Mail a random person a cryptic letter

April 7, 2010


I had grand intentions of pointing to a name in the phone book and mailing a piece of paper through the USPS. (Phone book, huh? Does anybody even use a paper phone book any more?) But then as usual, I ran out of time and took the easy way out, doing it online. I did it twice, each time with the emphasis on one aspect over the other.

My first cryptic note was, I feel, the more cryptic of the two, as it was a response to the cryptic note that had been sent to me. The sender explained his selection process: “This message sent to a recipient I determined randomly from a list of people who were most likely to not reply “wtf” Fortunately, I did not wonder wtf and instead found a translator with which to craft my reply.

Later in the day, I received another cryptic note: “Zegabee-dash-coovran-dos-leek-va-ich-nop-hu-8797-hay-deek-dosh.” I initially thought it was a cryptogram like a few other notes had been, but it looked too much like actual language. I briefly though that maybe it was an elaborate anagram as the sender was British. I searched for the entire phrase and found nothing, so I searched in smaller and smaller chunks. Eventually (I don’t remember how, because I’m unable to recreate the search results now) I got to the website. What I saw there looked very much like the cryptic note I received. When I entered any of the words in my message in the Search box, it seemed to generate a page based on that word. Weird, and interesting. Thanks, Jack!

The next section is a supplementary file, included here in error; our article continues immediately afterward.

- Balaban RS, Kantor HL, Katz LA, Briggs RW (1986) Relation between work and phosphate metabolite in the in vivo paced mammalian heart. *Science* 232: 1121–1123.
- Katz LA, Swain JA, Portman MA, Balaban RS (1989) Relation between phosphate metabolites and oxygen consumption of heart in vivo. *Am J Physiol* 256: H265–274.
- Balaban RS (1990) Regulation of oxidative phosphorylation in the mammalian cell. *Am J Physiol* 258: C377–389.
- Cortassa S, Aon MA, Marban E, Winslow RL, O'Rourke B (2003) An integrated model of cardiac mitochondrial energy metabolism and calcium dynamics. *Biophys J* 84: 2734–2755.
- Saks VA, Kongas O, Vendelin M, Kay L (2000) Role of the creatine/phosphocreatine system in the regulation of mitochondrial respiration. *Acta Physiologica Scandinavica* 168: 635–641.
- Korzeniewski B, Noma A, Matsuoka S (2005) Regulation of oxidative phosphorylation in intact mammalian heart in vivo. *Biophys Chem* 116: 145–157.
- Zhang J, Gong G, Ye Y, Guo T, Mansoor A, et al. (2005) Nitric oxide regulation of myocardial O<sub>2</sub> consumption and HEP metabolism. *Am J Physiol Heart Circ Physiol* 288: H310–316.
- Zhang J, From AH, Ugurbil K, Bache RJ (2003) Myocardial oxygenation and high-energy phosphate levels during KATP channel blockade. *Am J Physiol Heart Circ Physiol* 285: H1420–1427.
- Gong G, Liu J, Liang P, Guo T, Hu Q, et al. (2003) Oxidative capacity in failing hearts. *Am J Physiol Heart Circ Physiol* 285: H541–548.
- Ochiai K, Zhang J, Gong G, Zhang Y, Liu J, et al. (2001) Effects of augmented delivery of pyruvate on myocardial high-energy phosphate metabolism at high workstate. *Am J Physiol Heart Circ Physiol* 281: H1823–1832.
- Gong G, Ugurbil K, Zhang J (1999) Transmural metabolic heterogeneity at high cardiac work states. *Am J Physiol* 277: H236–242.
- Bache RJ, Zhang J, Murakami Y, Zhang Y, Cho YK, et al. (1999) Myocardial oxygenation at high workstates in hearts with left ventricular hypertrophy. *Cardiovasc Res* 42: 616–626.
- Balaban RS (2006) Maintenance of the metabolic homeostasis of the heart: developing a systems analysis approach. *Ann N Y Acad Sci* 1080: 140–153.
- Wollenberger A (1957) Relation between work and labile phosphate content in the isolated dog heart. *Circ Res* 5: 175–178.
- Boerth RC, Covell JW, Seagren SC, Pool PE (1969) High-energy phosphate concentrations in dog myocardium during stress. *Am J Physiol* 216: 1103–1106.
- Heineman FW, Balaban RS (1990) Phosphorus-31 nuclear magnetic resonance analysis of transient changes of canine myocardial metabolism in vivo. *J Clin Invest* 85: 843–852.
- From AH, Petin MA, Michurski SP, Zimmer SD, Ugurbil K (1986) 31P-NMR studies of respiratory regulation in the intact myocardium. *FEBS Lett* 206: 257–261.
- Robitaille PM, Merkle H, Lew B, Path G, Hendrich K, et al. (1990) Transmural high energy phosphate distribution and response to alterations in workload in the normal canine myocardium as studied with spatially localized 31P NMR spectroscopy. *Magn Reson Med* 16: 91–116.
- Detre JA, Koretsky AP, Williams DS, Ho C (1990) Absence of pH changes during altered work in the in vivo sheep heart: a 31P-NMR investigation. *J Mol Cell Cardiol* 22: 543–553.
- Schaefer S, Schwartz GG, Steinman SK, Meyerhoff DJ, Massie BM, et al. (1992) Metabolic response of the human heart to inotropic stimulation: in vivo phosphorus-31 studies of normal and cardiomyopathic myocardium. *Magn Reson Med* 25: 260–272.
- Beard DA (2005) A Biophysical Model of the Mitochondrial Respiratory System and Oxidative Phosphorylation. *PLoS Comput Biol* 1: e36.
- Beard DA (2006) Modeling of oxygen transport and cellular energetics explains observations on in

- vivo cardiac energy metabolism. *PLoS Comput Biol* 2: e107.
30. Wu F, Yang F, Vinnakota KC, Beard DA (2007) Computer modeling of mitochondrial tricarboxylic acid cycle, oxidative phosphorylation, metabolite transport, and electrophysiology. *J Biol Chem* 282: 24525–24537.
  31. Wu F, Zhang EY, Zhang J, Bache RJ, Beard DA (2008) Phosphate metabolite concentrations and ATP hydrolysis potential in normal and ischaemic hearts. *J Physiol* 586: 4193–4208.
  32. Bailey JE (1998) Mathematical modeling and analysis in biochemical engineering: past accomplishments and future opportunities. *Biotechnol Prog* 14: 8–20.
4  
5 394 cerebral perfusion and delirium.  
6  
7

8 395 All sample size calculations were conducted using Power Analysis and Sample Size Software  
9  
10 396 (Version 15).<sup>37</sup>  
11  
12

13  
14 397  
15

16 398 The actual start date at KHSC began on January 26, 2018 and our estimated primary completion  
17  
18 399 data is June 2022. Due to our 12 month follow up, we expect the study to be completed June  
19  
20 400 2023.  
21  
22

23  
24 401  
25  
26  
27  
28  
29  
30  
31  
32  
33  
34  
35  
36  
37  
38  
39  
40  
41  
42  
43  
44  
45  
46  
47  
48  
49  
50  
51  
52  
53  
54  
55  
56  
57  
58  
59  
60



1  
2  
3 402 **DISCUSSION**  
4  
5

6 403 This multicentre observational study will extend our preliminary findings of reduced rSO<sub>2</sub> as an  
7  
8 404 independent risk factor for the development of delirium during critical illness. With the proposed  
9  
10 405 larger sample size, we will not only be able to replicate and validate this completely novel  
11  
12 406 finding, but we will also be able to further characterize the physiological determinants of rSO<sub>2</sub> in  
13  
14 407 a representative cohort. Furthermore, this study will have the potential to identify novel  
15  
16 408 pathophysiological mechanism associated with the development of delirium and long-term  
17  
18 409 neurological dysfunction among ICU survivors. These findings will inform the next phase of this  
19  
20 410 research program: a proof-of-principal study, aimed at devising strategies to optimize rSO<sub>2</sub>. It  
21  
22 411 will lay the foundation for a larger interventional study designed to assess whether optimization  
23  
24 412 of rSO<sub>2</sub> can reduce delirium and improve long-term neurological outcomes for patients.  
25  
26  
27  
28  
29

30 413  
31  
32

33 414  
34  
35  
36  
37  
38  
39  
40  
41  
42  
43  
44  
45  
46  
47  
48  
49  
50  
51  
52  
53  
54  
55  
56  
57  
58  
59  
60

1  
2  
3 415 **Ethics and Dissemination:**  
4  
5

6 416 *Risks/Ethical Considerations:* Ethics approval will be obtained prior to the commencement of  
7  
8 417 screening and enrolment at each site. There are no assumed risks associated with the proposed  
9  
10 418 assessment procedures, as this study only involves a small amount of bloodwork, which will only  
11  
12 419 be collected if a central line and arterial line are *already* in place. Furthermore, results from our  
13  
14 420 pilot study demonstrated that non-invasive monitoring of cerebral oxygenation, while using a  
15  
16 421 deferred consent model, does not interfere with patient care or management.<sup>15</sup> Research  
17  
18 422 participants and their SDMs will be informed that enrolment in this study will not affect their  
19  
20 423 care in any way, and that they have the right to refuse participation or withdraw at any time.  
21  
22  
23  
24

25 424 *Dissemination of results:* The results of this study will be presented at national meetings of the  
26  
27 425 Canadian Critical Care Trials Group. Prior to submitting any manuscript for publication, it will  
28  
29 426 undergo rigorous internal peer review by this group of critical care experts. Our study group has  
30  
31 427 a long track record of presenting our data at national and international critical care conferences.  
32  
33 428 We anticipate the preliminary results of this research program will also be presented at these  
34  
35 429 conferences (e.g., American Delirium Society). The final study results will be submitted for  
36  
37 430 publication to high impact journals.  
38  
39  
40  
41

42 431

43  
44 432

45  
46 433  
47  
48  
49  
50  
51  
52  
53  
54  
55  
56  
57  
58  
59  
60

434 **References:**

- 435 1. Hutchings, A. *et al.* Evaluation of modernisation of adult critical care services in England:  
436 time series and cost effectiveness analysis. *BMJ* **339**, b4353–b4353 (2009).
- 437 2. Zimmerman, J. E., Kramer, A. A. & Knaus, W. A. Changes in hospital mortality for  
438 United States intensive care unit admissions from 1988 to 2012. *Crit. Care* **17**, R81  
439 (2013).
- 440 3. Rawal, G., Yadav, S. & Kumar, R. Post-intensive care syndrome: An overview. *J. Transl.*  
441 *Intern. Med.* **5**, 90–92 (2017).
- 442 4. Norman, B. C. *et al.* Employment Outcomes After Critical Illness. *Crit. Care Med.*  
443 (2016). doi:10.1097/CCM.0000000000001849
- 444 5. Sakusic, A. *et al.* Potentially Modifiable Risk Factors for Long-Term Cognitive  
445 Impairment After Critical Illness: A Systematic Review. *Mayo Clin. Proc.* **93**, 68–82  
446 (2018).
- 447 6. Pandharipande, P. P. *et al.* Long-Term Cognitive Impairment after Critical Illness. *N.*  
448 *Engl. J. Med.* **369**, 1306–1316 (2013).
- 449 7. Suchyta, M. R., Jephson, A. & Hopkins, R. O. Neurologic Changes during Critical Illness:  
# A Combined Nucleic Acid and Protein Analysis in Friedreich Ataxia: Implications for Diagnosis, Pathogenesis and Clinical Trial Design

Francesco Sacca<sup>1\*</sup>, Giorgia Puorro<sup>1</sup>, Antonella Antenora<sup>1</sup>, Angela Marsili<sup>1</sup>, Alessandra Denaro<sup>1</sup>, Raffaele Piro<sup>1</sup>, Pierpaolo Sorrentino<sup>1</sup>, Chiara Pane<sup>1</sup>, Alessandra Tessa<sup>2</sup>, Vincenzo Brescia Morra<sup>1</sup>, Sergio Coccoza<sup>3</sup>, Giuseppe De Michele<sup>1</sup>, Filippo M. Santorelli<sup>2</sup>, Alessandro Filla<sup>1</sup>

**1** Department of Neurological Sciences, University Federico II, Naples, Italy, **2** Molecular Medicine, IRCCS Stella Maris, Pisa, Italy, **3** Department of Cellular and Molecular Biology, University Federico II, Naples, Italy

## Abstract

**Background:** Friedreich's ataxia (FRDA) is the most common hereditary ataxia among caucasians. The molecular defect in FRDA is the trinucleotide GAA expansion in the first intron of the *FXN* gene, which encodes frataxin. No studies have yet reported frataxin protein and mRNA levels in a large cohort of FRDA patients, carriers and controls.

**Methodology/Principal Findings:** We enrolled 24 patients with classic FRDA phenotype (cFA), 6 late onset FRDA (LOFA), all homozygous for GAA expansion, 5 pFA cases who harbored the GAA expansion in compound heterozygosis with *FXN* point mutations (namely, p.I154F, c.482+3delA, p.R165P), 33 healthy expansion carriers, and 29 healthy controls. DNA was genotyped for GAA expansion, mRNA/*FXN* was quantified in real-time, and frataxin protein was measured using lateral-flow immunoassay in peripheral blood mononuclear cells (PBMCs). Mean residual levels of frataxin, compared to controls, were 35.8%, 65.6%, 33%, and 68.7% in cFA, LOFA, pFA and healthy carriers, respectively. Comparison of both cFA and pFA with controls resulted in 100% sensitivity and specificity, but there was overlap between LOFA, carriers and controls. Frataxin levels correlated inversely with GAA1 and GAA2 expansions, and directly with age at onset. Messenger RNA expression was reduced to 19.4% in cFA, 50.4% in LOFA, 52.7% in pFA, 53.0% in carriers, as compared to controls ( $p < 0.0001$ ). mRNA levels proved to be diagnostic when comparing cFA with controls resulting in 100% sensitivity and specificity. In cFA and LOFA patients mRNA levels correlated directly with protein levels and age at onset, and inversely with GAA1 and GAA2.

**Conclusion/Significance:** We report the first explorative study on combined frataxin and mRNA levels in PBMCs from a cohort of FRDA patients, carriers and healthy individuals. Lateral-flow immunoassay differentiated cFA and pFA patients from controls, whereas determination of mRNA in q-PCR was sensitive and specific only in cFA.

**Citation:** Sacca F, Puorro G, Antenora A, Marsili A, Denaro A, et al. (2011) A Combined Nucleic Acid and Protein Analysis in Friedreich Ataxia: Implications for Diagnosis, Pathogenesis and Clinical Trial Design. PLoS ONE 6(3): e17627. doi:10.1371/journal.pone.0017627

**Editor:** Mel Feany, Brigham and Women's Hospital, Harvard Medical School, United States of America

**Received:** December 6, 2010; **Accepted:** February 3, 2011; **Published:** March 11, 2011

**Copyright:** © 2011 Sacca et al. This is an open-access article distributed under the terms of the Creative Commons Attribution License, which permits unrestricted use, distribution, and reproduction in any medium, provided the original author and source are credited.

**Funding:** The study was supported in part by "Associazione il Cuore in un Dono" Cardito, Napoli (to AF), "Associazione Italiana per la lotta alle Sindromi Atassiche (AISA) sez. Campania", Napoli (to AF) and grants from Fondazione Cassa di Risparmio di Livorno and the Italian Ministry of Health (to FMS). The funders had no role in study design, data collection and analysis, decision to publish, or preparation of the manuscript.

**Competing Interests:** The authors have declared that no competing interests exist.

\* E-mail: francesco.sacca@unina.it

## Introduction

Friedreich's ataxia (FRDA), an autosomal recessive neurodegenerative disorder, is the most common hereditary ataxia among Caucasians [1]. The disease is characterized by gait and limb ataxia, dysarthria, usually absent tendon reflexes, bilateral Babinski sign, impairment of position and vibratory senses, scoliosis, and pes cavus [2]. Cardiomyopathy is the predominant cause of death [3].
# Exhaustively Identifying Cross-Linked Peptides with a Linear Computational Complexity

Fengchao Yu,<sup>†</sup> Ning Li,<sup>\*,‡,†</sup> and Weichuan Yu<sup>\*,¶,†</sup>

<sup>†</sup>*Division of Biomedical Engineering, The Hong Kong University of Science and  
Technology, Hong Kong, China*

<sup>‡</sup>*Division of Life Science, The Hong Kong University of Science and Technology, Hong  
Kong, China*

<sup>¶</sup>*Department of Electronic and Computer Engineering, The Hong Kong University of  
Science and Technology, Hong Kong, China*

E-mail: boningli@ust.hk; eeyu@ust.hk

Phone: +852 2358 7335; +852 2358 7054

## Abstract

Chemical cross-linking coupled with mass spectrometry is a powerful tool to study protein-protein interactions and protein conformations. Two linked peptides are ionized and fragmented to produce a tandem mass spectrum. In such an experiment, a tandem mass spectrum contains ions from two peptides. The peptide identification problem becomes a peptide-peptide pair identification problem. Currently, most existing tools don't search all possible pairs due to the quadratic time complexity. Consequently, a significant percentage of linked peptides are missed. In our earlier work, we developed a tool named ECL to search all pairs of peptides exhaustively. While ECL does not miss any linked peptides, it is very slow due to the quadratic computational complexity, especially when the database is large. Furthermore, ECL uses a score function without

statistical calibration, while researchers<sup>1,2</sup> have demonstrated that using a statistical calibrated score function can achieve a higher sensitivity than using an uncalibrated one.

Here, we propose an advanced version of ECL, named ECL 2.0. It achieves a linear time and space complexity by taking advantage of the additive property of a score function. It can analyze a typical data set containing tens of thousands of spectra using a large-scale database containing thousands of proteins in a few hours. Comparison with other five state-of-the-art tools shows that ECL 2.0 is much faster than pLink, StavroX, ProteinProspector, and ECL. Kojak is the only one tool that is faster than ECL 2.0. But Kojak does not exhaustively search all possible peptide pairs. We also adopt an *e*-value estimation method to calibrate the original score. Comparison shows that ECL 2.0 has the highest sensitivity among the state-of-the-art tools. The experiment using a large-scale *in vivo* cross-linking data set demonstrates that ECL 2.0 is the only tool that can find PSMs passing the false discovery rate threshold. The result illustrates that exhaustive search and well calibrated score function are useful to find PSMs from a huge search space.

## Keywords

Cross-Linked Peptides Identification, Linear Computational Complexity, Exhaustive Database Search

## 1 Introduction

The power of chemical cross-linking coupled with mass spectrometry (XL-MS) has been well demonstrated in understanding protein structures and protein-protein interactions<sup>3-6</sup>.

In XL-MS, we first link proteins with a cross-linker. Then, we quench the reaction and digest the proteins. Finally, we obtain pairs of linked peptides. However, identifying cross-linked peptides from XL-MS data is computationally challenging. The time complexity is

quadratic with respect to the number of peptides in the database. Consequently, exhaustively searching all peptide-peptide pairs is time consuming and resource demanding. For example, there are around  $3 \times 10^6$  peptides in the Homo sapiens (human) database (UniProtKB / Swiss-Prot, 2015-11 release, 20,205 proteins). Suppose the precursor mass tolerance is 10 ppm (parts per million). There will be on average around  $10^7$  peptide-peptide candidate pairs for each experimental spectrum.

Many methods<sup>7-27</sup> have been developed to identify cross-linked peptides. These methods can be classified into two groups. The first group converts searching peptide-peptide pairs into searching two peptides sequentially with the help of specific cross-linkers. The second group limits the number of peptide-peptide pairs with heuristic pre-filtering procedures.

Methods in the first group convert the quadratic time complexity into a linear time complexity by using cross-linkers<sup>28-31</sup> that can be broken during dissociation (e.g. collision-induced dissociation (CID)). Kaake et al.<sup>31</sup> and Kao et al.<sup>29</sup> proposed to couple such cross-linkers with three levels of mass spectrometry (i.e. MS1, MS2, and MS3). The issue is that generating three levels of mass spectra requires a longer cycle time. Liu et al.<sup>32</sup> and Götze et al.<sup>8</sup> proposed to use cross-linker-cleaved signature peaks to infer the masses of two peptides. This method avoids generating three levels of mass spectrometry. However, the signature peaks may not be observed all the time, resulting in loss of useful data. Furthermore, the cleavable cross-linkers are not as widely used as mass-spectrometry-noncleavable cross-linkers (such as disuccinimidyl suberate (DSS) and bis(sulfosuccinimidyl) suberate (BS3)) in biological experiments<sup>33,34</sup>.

The second cryptic note I sent was not so cryptic, but it was to a random person. A truly random person. I found an online name generator, entered the minimum parameters, and got a name: Ella J. Harrison. I performed a Google search for Ella Harrison (okay, you sticklers, my computer performed the actual search) and clicked on the first result. That took me to a seemingly regular person on Facebook with about a thousand friends, so I was hoping she’d be receptive to my overture.

I posted my not very cryptic note to Ms. Harrison: “I used a random name generator to make a name. Then I did a Google search on that name. Yours was the first result listed, so you’re the lucky one! If you’d like to know what I’m up to, please visit this link. It’s good, clean, creative fun!”

She has not responded.


March 12

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